Not all participants in employer-provided health savings accounts (HSAs) use them the same way, according to benefits provider Fidelity Investments' analysis of the 74,000 HSAs that it administers.
Fidelity found that, on average, HSA participants had contributions of $2,620 made to their accounts in 2010, including their own and employer contributions. “The continuing rise of health care costs combined with health care reform really drove the adoption of HSA-qualified health plans by employers last year and thus the growth of HSAs,” said William Applegate, vice president, HSA products at Fidelity.
To contribute to an HSA, a participant must be enrolled in an HSA-qualified high-deductible health plan (HDHP). Unchanged from 2010, the 2011 HDHP minimum deductible amounts are $1,200 (individual coverage) and $2,400 (family coverage); see the SHRM Online article "2011 Limits Unchanged for HSAs and High-Deductible Plans."
Contribution and Spending Behavior
For approximately 17 percent of participants, their own and employer contributions to their accounts totaled more than $5,000 in 2010, and nearly half (46 percent) had contributions of $2,500 or more in 2010. The maximum contribution permitted by law in 2011 is $3,050 for individuals and $6,150 for families, unchanged from 2010.
In addition, Fidelity noted three categories of spending behaviors by HSA participants:
• About a third (36 percent) of participants are “spenders,” using more than 90 percent of their annual HSA contribution on qualified medical expense reimbursements, allowing little or no balance to carry over.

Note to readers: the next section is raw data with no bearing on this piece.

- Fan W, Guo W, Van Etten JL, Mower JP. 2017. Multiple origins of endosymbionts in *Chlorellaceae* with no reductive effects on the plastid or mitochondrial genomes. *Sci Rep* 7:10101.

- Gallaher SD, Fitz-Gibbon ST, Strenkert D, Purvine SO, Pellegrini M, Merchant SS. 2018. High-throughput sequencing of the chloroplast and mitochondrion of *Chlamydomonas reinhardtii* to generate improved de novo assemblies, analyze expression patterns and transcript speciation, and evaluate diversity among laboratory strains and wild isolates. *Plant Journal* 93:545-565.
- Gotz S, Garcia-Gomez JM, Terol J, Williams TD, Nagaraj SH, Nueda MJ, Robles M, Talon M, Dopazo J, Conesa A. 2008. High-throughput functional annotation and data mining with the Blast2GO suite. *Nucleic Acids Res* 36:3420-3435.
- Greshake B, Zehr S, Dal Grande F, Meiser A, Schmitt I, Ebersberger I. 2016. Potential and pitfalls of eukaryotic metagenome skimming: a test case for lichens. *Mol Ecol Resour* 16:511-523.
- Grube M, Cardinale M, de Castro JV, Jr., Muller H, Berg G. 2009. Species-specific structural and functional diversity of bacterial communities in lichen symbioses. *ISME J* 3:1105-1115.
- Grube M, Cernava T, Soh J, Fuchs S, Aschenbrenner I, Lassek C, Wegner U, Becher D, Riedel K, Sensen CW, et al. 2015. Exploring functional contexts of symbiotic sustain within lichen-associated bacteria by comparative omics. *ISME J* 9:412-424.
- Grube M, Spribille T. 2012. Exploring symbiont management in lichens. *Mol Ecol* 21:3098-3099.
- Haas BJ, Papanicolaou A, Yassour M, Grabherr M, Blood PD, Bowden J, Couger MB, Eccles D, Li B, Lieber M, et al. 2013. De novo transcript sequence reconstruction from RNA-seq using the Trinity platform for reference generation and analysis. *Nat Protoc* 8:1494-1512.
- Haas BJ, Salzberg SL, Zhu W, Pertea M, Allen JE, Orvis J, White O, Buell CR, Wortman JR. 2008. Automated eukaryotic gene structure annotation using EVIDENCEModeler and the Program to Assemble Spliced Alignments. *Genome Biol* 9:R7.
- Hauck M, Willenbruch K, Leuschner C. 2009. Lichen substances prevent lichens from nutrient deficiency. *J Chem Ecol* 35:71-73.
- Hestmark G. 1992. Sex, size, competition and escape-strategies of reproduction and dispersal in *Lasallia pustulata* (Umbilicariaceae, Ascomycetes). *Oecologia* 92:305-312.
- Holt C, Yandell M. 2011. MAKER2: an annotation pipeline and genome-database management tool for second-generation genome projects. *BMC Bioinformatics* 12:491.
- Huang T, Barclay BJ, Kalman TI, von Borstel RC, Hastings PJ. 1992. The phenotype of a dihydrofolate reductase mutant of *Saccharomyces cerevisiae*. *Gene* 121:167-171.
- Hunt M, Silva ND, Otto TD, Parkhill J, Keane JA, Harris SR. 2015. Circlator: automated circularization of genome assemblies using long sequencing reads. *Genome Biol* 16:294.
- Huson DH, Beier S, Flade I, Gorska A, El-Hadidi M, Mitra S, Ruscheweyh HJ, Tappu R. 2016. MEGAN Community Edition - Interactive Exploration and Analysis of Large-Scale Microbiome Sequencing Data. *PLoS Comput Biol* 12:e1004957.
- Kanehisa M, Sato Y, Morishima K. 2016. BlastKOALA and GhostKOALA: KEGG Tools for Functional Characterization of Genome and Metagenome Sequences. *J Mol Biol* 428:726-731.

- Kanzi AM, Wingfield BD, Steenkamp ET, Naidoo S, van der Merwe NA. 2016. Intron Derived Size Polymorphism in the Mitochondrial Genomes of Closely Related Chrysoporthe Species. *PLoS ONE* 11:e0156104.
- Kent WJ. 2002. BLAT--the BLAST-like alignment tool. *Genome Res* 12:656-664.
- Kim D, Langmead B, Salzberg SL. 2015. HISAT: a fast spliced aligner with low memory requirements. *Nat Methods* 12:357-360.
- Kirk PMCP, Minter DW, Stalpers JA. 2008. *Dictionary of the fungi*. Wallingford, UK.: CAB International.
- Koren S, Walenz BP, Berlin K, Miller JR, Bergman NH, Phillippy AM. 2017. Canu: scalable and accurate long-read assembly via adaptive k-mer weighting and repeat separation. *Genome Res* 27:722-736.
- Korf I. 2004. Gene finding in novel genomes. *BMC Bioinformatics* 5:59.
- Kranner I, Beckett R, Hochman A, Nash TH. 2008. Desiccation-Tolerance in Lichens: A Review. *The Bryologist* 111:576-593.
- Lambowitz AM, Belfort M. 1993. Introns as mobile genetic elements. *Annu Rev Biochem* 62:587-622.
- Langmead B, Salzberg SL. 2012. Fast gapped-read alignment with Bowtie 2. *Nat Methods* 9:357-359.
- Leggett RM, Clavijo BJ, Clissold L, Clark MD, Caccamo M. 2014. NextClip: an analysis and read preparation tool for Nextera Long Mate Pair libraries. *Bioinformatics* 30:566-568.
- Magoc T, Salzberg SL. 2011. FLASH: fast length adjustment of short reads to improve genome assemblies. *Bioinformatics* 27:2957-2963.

• 40 percent of participants are “hybrids,” using between 10 percent and 90 percent of their HSA contributions and carrying over the rest.
• Nearly a quarter (24 percent) of participants are “savers,” using less than 10 percent of their annual contributions and investing the balances for future health expenses.
Tax Benefits for Participants
HSAs allow participants to make pretax contributions via salary deferral, realize tax-free growth on their contributions, and make withdrawals for qualified medical expenses free of federal (and, in most cases, state) taxes.
Unlike flexible spending accounts (FSAs), HSA balances carry over from one year to the next without a use-it-or-lose-it concern, allowing participants to build up account balances to pay for future health costs, including those they are likely to confront during their retirement years.
Nearly all participants (95 percent) carried over some balance from year to year, in effect using the accounts not just to manage their current medical expenses but also as longer-term health care savings vehicles, according to Fidelity's research.
Stephen Miller, CEBS, is an online editor/manager for SHRM.
Sweeping Health Plan Design Changes on Tap, SHRM Online Benefits Discipline, March 2011
Aetna Study: CDHPs Saved Employers Millions of Dollars, SHRM Online Benefits Discipline, February 2011
Culture of Saving: HSA Participants Save More in Their 401(k)s, SHRM Online Benefits Discipline, August 2011
Consumer-Directed Health Enrollment Reached 22 Million in 2010, SHRM Online Benefits Discipline, December 2010
Unexpected Boost for Consumer-Directed Health Plans, HR Magazine, December 2010
Health Savings Accounts Can Build Retirement Wealth, SHRM Online Benefits Discipline, October 2010
SHRM Online Benefits Discipline
SHRM Online Health Care Reform Resource Page